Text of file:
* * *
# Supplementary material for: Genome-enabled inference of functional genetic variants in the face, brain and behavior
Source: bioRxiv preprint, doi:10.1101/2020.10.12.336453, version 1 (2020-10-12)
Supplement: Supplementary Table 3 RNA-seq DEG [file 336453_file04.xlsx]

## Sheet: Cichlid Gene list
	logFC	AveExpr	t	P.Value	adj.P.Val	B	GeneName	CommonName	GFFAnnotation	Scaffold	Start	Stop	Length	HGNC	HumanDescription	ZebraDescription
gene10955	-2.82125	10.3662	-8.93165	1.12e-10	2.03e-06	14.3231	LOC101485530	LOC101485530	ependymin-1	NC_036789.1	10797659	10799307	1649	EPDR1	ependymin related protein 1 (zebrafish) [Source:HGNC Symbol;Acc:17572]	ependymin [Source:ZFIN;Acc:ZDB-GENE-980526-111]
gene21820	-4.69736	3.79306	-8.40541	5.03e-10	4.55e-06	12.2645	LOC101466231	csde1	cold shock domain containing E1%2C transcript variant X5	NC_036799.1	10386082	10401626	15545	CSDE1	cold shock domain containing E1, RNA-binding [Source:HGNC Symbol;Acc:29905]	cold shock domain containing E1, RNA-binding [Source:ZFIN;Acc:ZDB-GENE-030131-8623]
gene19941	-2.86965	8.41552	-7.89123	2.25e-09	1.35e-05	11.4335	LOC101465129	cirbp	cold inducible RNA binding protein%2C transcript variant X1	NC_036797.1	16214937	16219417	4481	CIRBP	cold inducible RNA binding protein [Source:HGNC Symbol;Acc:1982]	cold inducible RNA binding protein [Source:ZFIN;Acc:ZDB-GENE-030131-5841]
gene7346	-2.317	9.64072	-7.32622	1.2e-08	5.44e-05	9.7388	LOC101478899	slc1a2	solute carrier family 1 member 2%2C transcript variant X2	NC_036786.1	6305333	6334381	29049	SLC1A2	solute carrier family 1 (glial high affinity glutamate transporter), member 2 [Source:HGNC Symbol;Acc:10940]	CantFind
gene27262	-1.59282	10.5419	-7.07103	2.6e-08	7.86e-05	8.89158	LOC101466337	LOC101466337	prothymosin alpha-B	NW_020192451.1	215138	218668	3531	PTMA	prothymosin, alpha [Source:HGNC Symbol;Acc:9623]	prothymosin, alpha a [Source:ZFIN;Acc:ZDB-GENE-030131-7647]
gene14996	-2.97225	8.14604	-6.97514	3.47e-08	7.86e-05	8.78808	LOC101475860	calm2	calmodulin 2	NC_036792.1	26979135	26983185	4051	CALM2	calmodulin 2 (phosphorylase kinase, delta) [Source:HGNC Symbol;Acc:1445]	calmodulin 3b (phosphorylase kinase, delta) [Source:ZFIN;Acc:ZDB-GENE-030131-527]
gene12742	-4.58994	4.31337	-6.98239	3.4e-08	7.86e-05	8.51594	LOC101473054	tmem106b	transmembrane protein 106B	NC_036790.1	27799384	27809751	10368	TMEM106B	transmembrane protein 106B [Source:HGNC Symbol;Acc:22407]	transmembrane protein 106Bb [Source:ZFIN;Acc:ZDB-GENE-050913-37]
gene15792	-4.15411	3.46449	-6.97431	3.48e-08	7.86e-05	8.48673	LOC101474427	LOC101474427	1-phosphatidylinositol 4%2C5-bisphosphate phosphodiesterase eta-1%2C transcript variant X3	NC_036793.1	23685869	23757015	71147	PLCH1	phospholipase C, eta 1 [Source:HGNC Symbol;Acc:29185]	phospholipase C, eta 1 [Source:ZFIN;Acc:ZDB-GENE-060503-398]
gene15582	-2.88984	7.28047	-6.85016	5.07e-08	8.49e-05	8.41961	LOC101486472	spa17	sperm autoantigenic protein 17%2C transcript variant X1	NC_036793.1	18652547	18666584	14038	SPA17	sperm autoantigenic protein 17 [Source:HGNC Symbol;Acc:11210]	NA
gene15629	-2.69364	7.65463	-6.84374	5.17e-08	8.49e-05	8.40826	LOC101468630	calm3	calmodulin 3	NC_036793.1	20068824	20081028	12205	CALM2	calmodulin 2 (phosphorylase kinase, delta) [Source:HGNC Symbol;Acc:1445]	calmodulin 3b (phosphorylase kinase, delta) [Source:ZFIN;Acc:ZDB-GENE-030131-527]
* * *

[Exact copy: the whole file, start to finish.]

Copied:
# Supplementary material for: Genome-enabled inference of functional genetic variants in the face, brain and behavior
Source: bioRxiv preprint, doi:10.1101/2020.10.12.336453, version 1 (2020-10-12)
Supplement: Supplementary Table 3 RNA-seq DEG [file 336453_file04.xlsx]

## Sheet: Cichlid Gene list
	logFC	AveExpr	t	P.Value	adj.P.Val	B	GeneName	CommonName	GFFAnnotation	Scaffold	Start	Stop	Length	HGNC	HumanDescription	ZebraDescription
gene10955	-2.82125	10.3662	-8.93165	1.12e-10	2.03e-06	14.3231	LOC101485530	LOC101485530	ependymin-1	NC_036789.1	10797659	10799307	1649	EPDR1	ependymin related protein 1 (zebrafish) [Source:HGNC Symbol;Acc:17572]	ependymin [Source:ZFIN;Acc:ZDB-GENE-980526-111]
gene21820	-4.69736	3.79306	-8.40541	5.03e-10	4.55e-06	12.2645	LOC101466231	csde1	cold shock domain containing E1%2C transcript variant X5	NC_036799.1	10386082	10401626	15545	CSDE1	cold shock domain containing E1, RNA-binding [Source:HGNC Symbol;Acc:29905]	cold shock domain containing E1, RNA-binding [Source:ZFIN;Acc:ZDB-GENE-030131-8623]
gene19941	-2.86965	8.41552	-7.89123	2.25e-09	1.35e-05	11.4335	LOC101465129	cirbp	cold inducible RNA binding protein%2C transcript variant X1	NC_036797.1	16214937	16219417	4481	CIRBP	cold inducible RNA binding protein [Source:HGNC Symbol;Acc:1982]	cold inducible RNA binding protein [Source:ZFIN;Acc:ZDB-GENE-030131-5841]
gene7346	-2.317	9.64072	-7.32622	1.2e-08	5.44e-05	9.7388	LOC101478899	slc1a2	solute carrier family 1 member 2%2C transcript variant X2	NC_036786.1	6305333	6334381	29049	SLC1A2	solute carrier family 1 (glial high affinity glutamate transporter), member 2 [Source:HGNC Symbol;Acc:10940]	CantFind
gene27262	-1.59282	10.5419	-7.07103	2.6e-08	7.86e-05	8.89158	LOC101466337	LOC101466337	prothymosin alpha-B	NW_020192451.1	215138	218668	3531	PTMA	prothymosin, alpha [Source:HGNC Symbol;Acc:9623]	prothymosin, alpha a [Source:ZFIN;Acc:ZDB-GENE-030131-7647]
gene14996	-2.97225	8.14604	-6.97514	3.47e-08	7.86e-05	8.78808	LOC101475860	calm2	calmodulin 2	NC_036792.1	26979135	26983185	4051	CALM2	calmodulin 2 (phosphorylase kinase, delta) [Source:HGNC Symbol;Acc:1445]	calmodulin 3b (phosphorylase kinase, delta) [Source:ZFIN;Acc:ZDB-GENE-030131-527]
gene12742	-4.58994	4.31337	-6.98239	3.4e-08	7.86e-05	8.51594	LOC101473054	tmem106b	transmembrane protein 106B	NC_036790.1	27799384	27809751	10368	TMEM106B	transmembrane protein 106B [Source:HGNC Symbol;Acc:22407]	transmembrane protein 106Bb [Source:ZFIN;Acc:ZDB-GENE-050913-37]
gene15792	-4.15411	3.46449	-6.97431	3.48e-08	7.86e-05	8.48673	LOC101474427	LOC101474427	1-phosphatidylinositol 4%2C5-bisphosphate phosphodiesterase eta-1%2C transcript variant X3	NC_036793.1	23685869	23757015	71147	PLCH1	phospholipase C, eta 1 [Source:HGNC Symbol;Acc:29185]	phospholipase C, eta 1 [Source:ZFIN;Acc:ZDB-GENE-060503-398]
gene15582	-2.88984	7.28047	-6.85016	5.07e-08	8.49e-05	8.41961	LOC101486472	spa17	sperm autoantigenic protein 17%2C transcript variant X1	NC_036793.1	18652547	18666584	14038	SPA17	sperm autoantigenic protein 17 [Source:HGNC Symbol;Acc:11210]	NA
gene15629	-2.69364	7.65463	-6.84374	5.17e-08	8.49e-05	8.40826	LOC101468630	calm3	calmodulin 3	NC_036793.1	20068824	20081028	12205	CALM2	calmodulin 2 (phosphorylase kinase, delta) [Source:HGNC Symbol;Acc:1445]	calmodulin 3b (phosphorylase kinase, delta) [Source:ZFIN;Acc:ZDB-GENE-030131-527]